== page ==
May It Please the Palate ...

Turning grilled fish into an omelette

By Nick Roumel

I wanted to try a Greek-style grilled whole fish. As luck would have it, Monahan’s (my fishmonger) had a bronzini. Also known as Mediterranean seabass, it is a delicate, sweet flavored fish similar to red snapper. In Greece, the fish is called lavraki, and Greek journalists refer to an exclusive news story by the same name, because it is a good “catch.”

A couple of my cookbooks suggest grilling whole fish wrapped in grape leaves. If you’ve had only stuffed grape leaves, grilling them gives them a whole new texture, not unlike baked kale chips. So the contrast between the crunchy grape leaves and the moist fish inside can be pleasing – but messy.

Yes, true. As much as I liked the taste, I’m not sure I would serve this to anyone unless I worked it out better artistically. This was one of those dishes that made me wish I worked in a test kitchen instead of a law office. These days, I’m lucky to test the recipe I am featuring even once. If it works, you get the recipe. If not, you get the lesson learned.

Here’s what I did with my bronzini. I had my fishmonger clean and scale it for me. I liberally sprinkled lemon, salt and pepper on the insides. I wrapped that puppy in grape leaves until it resembled the iconic babe in swaddling clothes. Laid it on aluminum foil,  on my Jenn-Air grill burners at medium heat.

And while the fish was grillin’, I fried some potatoes. For the record, I have yet to encounter a case of blues so bad that it cannot be cured with fried potatoes. As is my wont, I made this batch “Greek style.” That is, I sliced a russet into French-fry-like shapes, rinsed them in my all-purpose salad spinner, and tossed them liberally with sea salt. Then I heated up some vegetable oil, medium hot, about ?” deep, and sizzled those starchy sticks until they were the color of fine cognac.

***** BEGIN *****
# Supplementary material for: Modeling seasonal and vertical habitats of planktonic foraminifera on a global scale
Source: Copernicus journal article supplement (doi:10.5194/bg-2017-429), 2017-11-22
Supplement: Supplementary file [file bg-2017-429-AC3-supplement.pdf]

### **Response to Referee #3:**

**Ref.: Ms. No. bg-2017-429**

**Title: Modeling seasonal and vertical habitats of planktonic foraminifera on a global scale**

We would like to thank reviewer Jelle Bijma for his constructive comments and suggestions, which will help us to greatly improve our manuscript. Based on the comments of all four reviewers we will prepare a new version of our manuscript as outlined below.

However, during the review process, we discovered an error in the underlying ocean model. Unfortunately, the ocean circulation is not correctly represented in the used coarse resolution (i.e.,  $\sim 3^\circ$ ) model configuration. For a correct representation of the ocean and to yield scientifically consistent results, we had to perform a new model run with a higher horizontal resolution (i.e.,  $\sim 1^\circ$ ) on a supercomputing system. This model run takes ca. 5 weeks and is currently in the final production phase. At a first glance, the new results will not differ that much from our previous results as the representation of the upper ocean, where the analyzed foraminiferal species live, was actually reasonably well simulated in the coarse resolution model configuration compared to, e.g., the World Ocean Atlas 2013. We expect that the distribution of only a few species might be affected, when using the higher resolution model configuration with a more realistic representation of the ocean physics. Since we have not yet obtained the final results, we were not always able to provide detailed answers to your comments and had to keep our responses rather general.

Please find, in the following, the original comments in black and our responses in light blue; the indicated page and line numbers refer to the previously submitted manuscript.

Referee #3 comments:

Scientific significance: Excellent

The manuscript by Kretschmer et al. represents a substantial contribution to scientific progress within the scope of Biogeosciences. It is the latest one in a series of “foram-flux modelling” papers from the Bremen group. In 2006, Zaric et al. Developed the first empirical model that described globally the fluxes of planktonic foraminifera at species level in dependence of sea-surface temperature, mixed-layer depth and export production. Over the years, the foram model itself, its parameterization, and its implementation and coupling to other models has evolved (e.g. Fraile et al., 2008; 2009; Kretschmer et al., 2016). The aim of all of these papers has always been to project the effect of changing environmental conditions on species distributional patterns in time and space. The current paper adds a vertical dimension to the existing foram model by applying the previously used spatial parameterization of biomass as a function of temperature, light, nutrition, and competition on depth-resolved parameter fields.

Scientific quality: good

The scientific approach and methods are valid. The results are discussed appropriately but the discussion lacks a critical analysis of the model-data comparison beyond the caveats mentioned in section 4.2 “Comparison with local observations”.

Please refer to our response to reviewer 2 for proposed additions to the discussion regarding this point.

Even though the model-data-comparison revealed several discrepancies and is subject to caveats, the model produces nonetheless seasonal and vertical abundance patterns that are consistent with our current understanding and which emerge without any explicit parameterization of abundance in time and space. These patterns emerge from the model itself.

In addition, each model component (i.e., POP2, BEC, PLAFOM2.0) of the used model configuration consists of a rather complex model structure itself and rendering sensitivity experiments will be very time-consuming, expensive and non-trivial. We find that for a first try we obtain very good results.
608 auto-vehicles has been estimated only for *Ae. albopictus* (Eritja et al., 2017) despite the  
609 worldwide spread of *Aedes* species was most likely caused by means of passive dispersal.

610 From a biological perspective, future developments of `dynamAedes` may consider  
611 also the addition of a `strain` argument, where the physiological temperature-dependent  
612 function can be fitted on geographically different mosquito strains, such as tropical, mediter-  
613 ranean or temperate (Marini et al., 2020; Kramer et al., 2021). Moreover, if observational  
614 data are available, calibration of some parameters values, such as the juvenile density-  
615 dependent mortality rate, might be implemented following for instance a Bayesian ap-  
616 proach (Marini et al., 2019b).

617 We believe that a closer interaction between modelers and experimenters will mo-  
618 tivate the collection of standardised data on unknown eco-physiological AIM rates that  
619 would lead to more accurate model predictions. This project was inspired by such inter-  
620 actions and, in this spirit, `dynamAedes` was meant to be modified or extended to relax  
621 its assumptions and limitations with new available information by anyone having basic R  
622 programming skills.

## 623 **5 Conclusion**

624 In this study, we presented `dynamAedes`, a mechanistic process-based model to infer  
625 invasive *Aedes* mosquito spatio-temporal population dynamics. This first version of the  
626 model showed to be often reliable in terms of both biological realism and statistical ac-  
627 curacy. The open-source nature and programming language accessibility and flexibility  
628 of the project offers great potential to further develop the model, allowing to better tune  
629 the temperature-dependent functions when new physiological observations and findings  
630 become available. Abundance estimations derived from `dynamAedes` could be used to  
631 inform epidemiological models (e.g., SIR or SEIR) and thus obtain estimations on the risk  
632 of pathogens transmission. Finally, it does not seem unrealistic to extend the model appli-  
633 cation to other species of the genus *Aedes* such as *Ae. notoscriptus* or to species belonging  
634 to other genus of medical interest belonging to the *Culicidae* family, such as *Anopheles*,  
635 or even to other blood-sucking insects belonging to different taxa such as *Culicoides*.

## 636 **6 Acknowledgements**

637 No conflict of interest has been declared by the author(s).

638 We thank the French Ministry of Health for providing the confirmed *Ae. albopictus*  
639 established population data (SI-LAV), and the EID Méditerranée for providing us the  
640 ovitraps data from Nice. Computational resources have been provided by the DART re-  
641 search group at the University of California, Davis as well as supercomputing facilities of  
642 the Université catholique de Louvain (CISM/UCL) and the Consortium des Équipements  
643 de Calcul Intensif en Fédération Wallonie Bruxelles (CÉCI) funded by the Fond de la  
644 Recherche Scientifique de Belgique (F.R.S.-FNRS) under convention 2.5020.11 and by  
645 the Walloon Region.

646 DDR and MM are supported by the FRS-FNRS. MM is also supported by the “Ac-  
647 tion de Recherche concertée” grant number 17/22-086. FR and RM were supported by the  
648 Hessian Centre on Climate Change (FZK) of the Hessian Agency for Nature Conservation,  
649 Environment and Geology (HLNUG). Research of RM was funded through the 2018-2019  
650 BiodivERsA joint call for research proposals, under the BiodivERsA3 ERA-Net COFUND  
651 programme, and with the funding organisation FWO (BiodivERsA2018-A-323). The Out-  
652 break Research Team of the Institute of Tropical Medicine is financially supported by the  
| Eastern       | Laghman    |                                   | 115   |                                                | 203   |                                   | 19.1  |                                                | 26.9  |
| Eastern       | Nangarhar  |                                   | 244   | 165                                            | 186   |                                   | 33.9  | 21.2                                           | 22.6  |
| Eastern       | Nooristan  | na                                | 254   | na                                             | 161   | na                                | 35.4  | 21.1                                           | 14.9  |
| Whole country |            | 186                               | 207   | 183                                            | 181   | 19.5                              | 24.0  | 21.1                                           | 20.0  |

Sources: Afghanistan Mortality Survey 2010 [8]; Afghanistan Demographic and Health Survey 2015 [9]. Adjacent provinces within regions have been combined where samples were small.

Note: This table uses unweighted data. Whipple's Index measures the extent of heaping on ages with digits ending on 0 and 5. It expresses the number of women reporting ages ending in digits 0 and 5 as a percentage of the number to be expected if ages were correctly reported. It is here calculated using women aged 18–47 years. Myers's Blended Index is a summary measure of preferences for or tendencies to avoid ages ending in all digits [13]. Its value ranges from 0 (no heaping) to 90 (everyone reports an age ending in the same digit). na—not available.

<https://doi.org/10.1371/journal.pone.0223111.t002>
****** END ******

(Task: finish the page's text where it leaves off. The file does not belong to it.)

I then turned my fish. The grape leaves were … black. But the potatoes? Now there was a story with a happy ending. I drained them on paper towels, kissed them with sea salt, and started munching away. I managed to reserve a few for the Greek potato omelette I schemed to make next.

I poured the excess oil out of the pan, returned it to the heat, and whipped a couple of eggs with a few tablespoons of warm water. I layered the bottom of the pan with the fried potatoes and poured the eggs over it, tilting the pan to allow the eggs to cook evenly. Then I folded it over, traditional omelette-style.

Perfection. I didn’t even need cheese, not even sheep’s milk feta; although I did consider that artichoke hearts might have been a good addition. Made me think about the Giant Artichoke restaurant in Castroville, California. Mmm, memories.

Oh, time to check on that fish. I took it off the grill, sliced it open, pulled off the spine, and served myself a fillet, topped with more olive oil, lemon, and some fresh dill. Yummy, but you really don’t want to see my photos. Sometimes I think that the way food looks is more important than the taste. This belief violates the truism that you can’t judge a book by its cover. But in this case, the cover was blackened grape leaves, and I was unimpressed.

Back to my fried potato omelette. Now there’s a lavraki I would definitely recommend.